-Walter Tyrone Howard-


Forgetting Sarah Marshall (2008, Directed by Nicholas Stoller) English 7

Starring Jason Segel, Mila Kunis, Kristen Bell, Russell Brand, Bill Hader, Jack McBrayer, Paul Rudd, Jonah Hill

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(7-Very Good Film)

Attractive. Scattered. Winning.

Crappy t.v composer Peter Bretter (Segel) is left by his perfect girlfriend, television star Sarah Marshall (Bell), for a bohemian rockstar, Aldous Snow (Brand). Wanting to get away from her and all things that remind him of her, Peter takes a vacation to beautiful Hawaii, but she turns out to be there as well. Dealing with that awkwardness, Peter meets several characters at the Hawaiian resort, one being the lovely receptionist, Rachel Jansen (Kunis). Segel is such an affable personality that we feel for him through each humiliation, and cheer for him in his moments of triumph. Paul Rudd, Jonah Hill, and Russell Brand (before the persona became stale) provide a lot of laughs in the supporting cast, and Forgetting Sarah Marshall is a rock-solid romantic comedy.

-Walter Tyrone Howard-


Always Be My Maybe (2019, Directed by Nahnatchka Khan) English 6

Starring Randall Park, Ali Wong, Daniel Dae Kim, James Saito, Vivian Bang, Casey Wilson, Michelle Buteau, Keanu Reeves

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(6-Good Film)

Simple. Likable. Funny.

       Girl meets boy. Girl loves boy. Boy blows it at some point. Girl gives him another chance, usually because of some terrific speech. Romantic comedies really haven’t evolved at all in cinema’s 100-plus year history, but they haven’t dipped in popularity at all either. People like their rom-coms one way and are perfectly fine to tread that oh-so-familiar territory an infinite amount of times.  There are few truly great movies in this genre over the past fifty years, but there are dozens of very good ones and even some mediocre films you watch on occasion precisely because they are undemanding.

Always Be My Maybe is Netflix’ newest original romantic comedy. Netflix has done a nice job for the genre over the past few years, and the one thing they really have going for them is their focus on representation and reaching all audiences. Always Be My Baby stars Ali Wong and Randall Park, two Asian-Americans, in the lead roles. We are still in a time when having Asian-American leads in something as light as this movie is tremendously significant, but you hope the film doesn’t rest on its cultural importance. On the one hand, outside of its fresh faces and perspective, Always Be My Maybe offers few surprises and doesn’t do anything to reinvigorate its well-worn trappings. On the other hand, I’ve already mentioned how those trappings never seem to get old, and this film is both funny and appealing. Plus it has a fantastic cameo from Keanu Reeves.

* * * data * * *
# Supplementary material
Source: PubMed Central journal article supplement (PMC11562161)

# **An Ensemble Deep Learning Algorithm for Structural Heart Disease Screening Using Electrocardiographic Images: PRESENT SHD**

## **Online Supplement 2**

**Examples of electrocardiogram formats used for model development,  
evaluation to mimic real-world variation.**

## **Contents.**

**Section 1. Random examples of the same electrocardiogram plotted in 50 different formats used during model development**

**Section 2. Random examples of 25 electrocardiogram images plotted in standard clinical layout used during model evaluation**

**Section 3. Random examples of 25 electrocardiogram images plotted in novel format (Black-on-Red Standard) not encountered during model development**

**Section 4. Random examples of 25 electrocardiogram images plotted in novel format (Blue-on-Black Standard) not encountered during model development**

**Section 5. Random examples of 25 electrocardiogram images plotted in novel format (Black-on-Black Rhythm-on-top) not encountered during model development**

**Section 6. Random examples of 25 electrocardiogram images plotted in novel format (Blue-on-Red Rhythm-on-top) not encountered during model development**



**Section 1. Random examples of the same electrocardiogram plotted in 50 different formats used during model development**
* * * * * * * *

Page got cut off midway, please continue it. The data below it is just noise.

Wong plays Sasha, first appearing in the film as a neglected 12-year-old who befriends the boy next door, Marcus (Park’s character). They spend all of their time together, and Sasha feels closer to Marcus’ parents than her own. Fast forward a few years, Marcus’ mother dies, and, partly influenced by grief, but also partly inevitable, the two hook up. In the awkward moments afterward, Marcus blows it, and over a decade goes by without them seeing or speaking to one another. Pick up in present day, Sasha is an immensely successful chef opening new restaurants all over the country and on the verge of marrying the handsome and wealthy Brandon (Dae Kim). Marcus, however, still lives and works with his dad. He has a band that does well locally but is reluctant to branch out. The two reconnect when Sasha returns to San Francisco after breaking up with Brandon and her friend hires Marcus and his father to set up the air conditioning at her new home. Initially combative, it’s not long before Marcus realizes that he’s in love with her, but not before she’s swooped up by Keanu Reeves, playing himself, giving a very funny and self-deprecating performance.

Written by its leads, who have worked together on the fantastic sitcom Fresh Off the Boat (2015-), Wong as a writer and Park as the star, and directed by Nahnatchka Khan, that show’s creator, Always Be My Maybe never quite feels cinematic. Like other Netflix movies, this one feels more akin to old television movies than it does the Hollywood romantic comedies given big movie theater releases, and I do think it goes beyond its method of distribution. The actors are very good, the plot is predictable but compelling, the writing is funny, and yet there’s a slightly sitcommy and not cinematic quality about the proceedings that is hard to put my finger on. Perhaps it’s the simplicity of the shots. The majority of the film is a series of conversations and they are almost entirely made up of over the shoulder shots that are fine but uninspired and a little stiff at times.

I feel like I’ve seen every rom-com Hollywood has put out since its inception. I like watching something easy while I eat, and the assurance that the likable, attractive couple will turn out alright in the end. I like it even better when the couple is a little antagonistic towards each other for most of the movie like Sasha and Marcus are in this one. Films like this are as easy to condescend to as they are to watch, but, ultimately, my bottom line is that I’ll probably watch this one more than a few times. Among Netflix’ growing slate of films, Always Be My Maybe ranks with To All the Boys I’ve Loved Before as probably the two best.

-Walter Tyrone Howard-





Operation Petticoat (1959, Directed by Blake Edwards ) English 7

Starring Cary Grant, Tony Curtis, Arthur O’Connell, Dick Sargent, Dina Merrill, Joan O’Brien

(7-Very Good Film)

Vibrant. Undemanding. Comical.

Saddled with a crew of stranded army nurses, Lieutenant Commander Matt Sherman (Cary Grant) leads a group of sailors aboard the USS Sea Tiger during World War II. That includes new shipmate Lieutenant Nick Holden (Curtis), whose habits as a con artist prove useful in getting their ship to safety. Old Hollywood fantasy in a lot of ways (the army nurses are gorgeous, the officers handsome), but it’s also very knowing in other ways (the way the enlisted men react to the new officer for example). Plus, it’s a well-crafted, entertaining spectacle.

-Walter Tyrone Howard-